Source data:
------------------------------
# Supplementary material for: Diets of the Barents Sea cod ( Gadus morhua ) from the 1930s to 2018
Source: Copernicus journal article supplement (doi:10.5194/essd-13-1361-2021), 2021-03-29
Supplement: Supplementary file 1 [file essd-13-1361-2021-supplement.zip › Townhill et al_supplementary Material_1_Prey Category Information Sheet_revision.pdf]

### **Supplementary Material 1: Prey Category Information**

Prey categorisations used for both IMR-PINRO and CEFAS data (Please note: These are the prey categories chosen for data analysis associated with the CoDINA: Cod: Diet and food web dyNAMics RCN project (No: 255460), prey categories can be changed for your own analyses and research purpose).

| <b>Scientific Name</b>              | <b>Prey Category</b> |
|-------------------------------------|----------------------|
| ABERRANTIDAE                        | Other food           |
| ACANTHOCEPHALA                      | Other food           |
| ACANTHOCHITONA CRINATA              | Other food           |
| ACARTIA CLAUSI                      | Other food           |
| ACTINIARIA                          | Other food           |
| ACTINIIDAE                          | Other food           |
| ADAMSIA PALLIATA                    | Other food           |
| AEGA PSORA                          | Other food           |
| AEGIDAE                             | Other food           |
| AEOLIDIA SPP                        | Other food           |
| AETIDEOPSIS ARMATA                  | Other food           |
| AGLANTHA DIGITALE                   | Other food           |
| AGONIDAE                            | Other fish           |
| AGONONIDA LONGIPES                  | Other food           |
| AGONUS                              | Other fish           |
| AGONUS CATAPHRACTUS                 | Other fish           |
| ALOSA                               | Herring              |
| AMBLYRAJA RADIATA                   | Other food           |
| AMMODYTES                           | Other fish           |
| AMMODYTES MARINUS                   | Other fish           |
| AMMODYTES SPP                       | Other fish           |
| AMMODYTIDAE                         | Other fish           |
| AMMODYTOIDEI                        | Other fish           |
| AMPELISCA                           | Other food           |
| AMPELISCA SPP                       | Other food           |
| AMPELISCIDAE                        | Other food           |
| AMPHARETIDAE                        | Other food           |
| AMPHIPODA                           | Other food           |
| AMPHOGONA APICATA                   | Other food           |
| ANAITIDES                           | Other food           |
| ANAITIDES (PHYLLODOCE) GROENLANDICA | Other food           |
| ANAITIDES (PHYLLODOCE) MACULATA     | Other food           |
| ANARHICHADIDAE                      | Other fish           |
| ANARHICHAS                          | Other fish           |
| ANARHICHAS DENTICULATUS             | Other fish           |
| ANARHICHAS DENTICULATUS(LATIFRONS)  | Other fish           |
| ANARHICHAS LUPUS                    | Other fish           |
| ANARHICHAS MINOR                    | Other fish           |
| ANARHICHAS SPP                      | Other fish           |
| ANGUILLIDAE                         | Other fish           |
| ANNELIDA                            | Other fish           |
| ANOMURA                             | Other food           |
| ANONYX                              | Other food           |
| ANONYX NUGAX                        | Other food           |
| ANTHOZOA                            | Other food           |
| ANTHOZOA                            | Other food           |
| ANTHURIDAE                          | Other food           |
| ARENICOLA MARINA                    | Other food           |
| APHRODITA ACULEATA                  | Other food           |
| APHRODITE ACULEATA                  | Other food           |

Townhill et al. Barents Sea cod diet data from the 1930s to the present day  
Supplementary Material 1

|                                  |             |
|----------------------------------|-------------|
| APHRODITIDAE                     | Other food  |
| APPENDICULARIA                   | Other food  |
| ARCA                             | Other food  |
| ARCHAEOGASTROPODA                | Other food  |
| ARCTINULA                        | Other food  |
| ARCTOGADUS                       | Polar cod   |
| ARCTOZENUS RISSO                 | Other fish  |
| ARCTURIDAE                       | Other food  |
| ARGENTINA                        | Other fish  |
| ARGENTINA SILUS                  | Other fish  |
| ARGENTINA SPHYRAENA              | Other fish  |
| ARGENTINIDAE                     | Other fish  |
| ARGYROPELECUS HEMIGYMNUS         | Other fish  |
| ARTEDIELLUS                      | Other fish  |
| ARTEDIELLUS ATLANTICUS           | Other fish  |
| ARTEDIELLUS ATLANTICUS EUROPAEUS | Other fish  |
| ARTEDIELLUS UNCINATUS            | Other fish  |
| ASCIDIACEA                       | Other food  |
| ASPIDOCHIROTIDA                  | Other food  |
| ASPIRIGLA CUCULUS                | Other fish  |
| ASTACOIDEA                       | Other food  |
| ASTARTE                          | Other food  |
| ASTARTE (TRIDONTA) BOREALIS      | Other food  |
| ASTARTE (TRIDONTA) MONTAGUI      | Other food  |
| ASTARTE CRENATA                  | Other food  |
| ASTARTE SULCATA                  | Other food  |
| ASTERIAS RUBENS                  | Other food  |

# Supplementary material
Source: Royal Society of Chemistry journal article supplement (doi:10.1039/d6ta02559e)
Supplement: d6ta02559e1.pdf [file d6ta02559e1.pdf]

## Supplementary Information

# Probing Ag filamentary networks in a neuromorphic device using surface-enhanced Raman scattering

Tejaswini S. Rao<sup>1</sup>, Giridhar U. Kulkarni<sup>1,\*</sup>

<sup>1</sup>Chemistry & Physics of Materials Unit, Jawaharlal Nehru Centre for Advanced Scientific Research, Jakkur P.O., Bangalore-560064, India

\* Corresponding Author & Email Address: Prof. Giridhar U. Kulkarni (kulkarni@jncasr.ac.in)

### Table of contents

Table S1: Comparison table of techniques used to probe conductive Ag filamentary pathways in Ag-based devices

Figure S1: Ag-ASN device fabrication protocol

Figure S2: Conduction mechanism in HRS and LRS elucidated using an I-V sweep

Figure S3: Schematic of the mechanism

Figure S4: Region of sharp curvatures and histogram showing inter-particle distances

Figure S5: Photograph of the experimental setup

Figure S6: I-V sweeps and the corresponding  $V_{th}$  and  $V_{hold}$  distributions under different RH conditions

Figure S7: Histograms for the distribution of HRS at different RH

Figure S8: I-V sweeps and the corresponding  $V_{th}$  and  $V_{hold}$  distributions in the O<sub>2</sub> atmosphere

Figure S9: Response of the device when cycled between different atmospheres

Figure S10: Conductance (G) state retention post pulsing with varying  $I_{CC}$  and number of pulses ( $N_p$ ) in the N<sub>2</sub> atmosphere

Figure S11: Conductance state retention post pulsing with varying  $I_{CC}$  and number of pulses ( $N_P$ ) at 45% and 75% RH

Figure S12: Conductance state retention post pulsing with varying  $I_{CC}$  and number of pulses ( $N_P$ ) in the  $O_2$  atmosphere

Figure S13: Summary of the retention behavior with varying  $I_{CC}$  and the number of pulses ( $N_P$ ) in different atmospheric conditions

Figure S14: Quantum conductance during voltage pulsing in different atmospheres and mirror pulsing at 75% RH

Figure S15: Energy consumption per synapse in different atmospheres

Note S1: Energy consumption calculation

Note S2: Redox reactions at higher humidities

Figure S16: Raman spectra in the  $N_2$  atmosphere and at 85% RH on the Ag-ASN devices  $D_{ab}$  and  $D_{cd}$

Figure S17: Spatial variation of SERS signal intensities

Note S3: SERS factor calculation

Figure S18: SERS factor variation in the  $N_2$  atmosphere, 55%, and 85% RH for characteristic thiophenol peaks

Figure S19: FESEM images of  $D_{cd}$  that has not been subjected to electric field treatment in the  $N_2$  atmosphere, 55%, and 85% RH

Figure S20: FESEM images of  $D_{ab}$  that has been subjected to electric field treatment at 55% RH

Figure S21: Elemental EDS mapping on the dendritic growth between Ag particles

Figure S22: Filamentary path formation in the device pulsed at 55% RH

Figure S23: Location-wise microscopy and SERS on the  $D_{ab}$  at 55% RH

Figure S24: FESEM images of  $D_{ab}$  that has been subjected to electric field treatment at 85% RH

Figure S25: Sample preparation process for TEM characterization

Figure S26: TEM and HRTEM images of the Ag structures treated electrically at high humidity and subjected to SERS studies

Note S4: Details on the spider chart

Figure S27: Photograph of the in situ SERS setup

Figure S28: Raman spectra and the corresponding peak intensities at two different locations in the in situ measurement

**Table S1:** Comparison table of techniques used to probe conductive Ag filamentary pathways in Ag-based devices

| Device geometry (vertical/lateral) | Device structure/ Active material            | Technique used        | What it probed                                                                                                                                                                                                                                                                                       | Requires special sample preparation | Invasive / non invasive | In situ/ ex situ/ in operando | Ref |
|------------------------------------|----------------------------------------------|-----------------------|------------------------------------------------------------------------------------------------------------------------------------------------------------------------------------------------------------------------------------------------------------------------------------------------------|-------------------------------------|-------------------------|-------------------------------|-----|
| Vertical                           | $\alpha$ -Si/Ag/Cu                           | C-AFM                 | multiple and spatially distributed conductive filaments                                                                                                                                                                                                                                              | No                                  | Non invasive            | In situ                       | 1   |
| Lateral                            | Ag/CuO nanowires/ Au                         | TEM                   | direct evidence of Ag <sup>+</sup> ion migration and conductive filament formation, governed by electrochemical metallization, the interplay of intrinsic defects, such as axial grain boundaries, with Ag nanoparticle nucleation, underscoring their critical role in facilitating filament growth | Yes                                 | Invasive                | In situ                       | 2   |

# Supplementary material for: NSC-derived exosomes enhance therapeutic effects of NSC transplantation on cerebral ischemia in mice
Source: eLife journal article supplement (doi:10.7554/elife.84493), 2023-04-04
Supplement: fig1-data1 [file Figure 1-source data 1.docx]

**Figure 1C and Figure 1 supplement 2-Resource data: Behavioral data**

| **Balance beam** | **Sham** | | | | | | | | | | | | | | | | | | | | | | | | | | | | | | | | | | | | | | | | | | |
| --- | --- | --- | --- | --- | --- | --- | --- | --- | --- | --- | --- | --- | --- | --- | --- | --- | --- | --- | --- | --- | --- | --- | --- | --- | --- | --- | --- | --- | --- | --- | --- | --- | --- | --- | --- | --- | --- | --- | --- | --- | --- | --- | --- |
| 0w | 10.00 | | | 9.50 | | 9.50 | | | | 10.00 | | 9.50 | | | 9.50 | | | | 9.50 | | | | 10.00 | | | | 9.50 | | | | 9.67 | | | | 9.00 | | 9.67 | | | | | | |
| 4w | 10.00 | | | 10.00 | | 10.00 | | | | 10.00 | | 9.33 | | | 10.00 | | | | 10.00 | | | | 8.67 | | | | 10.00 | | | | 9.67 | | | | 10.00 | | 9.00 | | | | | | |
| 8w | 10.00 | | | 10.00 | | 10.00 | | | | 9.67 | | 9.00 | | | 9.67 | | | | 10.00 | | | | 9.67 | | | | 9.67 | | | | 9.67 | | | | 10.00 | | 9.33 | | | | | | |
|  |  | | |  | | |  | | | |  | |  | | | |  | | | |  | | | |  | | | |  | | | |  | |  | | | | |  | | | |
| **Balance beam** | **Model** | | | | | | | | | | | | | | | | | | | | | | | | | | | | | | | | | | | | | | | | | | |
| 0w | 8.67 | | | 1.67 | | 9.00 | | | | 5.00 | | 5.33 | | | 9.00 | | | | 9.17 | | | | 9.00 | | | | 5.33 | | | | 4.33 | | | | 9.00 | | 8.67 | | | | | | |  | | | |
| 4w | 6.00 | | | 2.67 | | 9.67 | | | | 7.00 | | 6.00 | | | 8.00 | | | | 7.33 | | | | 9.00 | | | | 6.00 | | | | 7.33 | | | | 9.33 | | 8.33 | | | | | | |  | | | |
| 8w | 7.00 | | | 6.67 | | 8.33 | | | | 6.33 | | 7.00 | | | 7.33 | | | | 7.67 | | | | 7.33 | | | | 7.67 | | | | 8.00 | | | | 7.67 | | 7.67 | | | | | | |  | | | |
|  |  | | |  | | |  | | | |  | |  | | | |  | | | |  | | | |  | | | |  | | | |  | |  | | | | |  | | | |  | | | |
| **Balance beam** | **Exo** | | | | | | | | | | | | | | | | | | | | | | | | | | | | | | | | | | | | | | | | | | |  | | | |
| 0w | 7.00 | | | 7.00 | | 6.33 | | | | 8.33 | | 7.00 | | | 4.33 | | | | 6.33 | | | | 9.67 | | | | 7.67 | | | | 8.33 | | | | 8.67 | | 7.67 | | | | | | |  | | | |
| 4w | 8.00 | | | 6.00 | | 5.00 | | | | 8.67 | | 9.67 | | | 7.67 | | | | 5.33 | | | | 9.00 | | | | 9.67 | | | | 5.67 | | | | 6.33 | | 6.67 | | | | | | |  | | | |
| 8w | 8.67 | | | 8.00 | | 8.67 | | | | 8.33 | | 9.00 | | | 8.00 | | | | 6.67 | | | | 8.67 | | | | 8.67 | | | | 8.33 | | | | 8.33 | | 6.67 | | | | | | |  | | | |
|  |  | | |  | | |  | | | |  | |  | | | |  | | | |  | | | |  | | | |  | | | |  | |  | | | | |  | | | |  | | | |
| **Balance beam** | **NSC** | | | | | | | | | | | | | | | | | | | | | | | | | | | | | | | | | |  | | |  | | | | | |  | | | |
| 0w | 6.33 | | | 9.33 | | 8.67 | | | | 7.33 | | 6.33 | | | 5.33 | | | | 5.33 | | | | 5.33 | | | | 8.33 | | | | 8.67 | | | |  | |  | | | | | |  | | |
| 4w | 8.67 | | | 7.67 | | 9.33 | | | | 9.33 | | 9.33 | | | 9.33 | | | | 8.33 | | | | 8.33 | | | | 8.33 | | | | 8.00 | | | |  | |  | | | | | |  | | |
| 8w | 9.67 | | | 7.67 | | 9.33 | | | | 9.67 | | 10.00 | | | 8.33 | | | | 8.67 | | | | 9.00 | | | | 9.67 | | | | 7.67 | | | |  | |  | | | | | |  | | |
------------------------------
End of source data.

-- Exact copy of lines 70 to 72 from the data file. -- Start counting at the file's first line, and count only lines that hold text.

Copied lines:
| ARGENTINA                        | Other fish  |
| ARGENTINA SILUS                  | Other fish  |
| ARGENTINA SPHYRAENA              | Other fish  |